James Bay, Bishop Nehru, The Big Pink, Thee Oh Sees and Ibeyi will also appear at the festival in Austin, Texas
SXSW have announced the first round of bands set to play the music portion of the Austin, Texas arts and media festival next year.
Jessie Ware, Courtney Barnett, Carl Barât & The Jackals, James Bay, Bishop Nehru, The Big Pink, Thee Oh Sees and Ibeyi will all appear at the event. Happyness, Dry the River, Ballet School, Baby In Vain, Moon Duo, The Pop Group, Songhoy Blues, Skinny Lister, The Twilight Sad and Twin Peaks will also play at venues throughout the city, over the week March 13-17, 2015.
The festival recently confirmed that they are not trying to ban unofficial events from next year’s event. The festival suffered a blow when four attendees were killed in a car crash last year and a safety report by events firm Populous had suggested that a ban on unofficial events could prevent further incidents.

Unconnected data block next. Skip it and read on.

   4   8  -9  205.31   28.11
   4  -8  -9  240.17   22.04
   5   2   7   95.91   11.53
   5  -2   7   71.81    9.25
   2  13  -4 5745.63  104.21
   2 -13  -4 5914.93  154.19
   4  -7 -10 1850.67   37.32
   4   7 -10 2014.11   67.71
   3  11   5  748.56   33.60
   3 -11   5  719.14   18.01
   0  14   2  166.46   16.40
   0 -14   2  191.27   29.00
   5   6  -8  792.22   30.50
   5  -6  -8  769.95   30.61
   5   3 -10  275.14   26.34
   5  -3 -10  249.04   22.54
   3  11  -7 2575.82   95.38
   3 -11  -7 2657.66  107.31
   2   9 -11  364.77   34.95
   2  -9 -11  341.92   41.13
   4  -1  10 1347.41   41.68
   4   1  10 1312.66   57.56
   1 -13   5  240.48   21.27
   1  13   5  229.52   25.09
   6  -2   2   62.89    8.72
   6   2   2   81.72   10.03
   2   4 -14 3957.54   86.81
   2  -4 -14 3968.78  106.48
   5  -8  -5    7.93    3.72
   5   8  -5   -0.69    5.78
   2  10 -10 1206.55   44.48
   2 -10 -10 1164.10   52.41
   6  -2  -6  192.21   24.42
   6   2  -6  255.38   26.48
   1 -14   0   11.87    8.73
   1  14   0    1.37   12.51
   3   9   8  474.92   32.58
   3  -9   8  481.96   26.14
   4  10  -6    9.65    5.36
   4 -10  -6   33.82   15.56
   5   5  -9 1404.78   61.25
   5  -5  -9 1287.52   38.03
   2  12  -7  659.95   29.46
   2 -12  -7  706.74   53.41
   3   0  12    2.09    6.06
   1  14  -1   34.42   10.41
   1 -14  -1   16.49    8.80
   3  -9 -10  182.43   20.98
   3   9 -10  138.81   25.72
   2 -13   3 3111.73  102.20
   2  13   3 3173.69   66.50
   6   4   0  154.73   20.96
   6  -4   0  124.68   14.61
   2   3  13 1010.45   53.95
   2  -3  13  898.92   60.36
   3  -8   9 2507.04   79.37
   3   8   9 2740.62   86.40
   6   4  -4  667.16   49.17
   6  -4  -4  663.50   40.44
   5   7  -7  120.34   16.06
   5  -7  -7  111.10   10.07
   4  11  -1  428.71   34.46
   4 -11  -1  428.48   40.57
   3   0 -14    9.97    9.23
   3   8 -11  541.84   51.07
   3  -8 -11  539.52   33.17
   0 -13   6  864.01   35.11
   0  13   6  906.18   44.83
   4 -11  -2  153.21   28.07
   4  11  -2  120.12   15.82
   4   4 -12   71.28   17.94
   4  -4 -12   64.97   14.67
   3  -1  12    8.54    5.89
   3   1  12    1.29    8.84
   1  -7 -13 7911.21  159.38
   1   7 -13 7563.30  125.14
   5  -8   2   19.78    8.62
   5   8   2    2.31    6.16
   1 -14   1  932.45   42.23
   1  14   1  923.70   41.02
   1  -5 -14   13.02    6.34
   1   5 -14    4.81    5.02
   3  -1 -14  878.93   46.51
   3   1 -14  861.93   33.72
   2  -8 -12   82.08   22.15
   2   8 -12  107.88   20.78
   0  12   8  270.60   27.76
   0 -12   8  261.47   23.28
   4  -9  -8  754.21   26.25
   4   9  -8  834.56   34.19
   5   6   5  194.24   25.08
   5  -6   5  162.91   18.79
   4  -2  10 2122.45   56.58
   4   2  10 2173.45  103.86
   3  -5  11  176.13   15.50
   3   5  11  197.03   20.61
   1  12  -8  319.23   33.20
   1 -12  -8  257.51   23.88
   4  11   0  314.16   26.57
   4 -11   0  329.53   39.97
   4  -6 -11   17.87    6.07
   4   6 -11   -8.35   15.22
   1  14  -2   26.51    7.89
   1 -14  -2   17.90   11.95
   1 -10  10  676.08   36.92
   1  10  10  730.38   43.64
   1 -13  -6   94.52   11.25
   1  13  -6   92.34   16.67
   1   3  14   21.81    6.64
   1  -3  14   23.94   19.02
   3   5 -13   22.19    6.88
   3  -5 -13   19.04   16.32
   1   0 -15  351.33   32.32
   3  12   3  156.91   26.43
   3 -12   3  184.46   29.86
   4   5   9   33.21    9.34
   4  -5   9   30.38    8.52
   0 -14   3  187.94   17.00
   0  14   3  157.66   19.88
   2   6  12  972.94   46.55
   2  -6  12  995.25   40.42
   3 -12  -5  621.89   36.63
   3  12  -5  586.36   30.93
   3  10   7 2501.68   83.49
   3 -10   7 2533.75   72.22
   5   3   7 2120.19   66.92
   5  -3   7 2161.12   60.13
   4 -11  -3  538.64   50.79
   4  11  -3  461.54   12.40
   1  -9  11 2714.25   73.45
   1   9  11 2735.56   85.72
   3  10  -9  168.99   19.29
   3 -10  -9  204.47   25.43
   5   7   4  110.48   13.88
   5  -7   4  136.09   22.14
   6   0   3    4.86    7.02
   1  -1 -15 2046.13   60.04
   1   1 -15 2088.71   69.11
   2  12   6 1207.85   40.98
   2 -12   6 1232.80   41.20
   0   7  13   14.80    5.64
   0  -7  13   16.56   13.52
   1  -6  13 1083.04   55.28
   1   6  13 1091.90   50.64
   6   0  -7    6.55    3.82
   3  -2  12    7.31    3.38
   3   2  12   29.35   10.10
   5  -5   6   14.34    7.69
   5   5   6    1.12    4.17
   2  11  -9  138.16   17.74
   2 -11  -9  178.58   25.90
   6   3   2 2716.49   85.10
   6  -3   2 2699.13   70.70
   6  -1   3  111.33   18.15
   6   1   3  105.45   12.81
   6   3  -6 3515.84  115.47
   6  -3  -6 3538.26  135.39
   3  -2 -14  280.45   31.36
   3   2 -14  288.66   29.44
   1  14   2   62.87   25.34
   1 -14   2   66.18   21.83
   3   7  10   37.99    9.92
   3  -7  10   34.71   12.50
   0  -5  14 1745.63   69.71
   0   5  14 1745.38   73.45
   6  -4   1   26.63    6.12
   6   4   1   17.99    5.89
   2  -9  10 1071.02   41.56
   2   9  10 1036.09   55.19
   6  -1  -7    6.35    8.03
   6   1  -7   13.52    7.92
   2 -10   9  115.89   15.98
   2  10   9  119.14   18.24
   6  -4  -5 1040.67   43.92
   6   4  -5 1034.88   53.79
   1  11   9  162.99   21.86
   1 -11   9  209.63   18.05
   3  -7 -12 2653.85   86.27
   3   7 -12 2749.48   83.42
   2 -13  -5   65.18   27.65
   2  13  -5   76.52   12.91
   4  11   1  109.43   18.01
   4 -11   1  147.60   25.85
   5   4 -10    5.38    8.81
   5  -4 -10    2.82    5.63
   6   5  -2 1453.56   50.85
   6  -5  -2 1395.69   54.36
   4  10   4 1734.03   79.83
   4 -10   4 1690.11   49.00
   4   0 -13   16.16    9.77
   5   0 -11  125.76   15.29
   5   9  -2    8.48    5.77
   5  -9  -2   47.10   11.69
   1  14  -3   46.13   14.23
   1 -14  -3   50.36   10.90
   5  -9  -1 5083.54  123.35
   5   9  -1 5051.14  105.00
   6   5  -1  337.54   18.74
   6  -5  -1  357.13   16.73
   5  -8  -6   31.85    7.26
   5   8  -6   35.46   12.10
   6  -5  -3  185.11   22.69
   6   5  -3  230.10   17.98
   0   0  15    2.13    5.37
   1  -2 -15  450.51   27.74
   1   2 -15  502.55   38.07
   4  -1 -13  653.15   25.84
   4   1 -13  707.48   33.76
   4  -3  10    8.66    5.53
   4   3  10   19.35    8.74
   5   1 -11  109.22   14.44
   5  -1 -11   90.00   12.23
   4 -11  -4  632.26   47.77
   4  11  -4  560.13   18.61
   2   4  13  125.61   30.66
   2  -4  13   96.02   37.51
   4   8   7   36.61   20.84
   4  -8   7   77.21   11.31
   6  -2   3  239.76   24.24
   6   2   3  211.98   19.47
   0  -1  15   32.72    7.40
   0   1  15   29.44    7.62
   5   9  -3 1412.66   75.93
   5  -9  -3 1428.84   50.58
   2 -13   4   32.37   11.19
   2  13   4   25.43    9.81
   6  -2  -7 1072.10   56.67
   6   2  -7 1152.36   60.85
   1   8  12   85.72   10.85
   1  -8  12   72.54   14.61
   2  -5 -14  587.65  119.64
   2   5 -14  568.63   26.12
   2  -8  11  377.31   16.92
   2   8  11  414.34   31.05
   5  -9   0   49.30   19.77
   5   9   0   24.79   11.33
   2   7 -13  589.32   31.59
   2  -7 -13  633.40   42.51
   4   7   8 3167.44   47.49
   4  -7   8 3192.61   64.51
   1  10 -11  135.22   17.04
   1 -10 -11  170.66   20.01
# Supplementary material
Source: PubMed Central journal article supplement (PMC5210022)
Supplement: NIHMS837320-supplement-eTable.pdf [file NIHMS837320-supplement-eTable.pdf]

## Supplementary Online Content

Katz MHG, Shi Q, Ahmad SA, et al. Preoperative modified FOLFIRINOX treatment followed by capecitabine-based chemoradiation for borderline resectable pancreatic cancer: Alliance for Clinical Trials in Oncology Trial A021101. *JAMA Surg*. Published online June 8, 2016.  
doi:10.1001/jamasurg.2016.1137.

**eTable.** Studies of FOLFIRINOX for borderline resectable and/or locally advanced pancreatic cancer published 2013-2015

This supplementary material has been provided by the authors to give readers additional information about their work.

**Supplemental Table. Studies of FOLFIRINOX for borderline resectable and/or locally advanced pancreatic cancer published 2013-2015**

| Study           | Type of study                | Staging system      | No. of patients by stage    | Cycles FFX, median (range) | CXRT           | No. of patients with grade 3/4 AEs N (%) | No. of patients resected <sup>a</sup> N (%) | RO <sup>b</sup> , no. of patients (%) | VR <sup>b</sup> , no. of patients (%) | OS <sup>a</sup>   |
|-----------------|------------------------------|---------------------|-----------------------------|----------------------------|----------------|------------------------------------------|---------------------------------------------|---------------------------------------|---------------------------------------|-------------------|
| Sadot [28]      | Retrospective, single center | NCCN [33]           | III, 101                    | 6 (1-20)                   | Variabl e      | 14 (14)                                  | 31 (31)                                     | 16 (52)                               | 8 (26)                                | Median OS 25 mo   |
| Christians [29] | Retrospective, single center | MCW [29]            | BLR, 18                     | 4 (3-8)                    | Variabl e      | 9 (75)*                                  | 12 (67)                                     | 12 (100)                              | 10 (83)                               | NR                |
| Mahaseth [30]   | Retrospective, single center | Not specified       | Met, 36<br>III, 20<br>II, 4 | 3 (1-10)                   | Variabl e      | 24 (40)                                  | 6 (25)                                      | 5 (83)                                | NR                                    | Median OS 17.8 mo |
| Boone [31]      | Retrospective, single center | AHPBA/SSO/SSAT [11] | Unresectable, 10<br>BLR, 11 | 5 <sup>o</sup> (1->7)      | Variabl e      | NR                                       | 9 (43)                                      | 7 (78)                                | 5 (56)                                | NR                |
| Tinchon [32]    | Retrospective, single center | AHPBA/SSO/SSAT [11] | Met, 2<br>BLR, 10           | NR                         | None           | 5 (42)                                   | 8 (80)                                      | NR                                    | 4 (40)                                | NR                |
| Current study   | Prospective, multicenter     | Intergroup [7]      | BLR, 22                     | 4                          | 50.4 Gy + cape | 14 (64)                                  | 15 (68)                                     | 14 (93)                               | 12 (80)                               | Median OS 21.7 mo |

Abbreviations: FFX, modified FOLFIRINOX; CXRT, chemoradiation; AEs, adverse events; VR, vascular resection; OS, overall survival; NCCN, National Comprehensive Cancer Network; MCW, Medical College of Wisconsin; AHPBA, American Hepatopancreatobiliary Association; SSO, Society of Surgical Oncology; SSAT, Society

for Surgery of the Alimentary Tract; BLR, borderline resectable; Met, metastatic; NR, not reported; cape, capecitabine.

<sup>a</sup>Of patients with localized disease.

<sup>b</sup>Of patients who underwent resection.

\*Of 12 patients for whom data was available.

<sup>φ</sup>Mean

SXSW released a statement clarifying their position on the matter, which states that they will be implementing certain new safety measures, but will not be imposing a ban on these gigs.
The statement reads: “We’ve been careful not to say anything that implies we’re trying to ban unofficial events because, even if we could, we wouldn’t try to do that. We totally get that unofficial events are part of the appeal of SXSW, though the line between ‘official’ and ‘unofficial’ can be hard to distinguish.”
It continues: “The Populous report is their expert assessment and opinion, not ours, and we agree with most of it, but not all of it. In our own statements we’ve been careful not to imply a threat to relocate SXSW, and have also explicitly stated that is not our position numerous times.”
“The most important part of what we’re asking for is a comprehensive safety plan that will include not just SXSW events, but every other significant activity downtown during our event. Marketing companies are fond of the tactic of keeping everything a secret until the last minute to avoid scrutiny. SXSW, the unofficial events, and the City all need transparency in order to plan for safety properly.”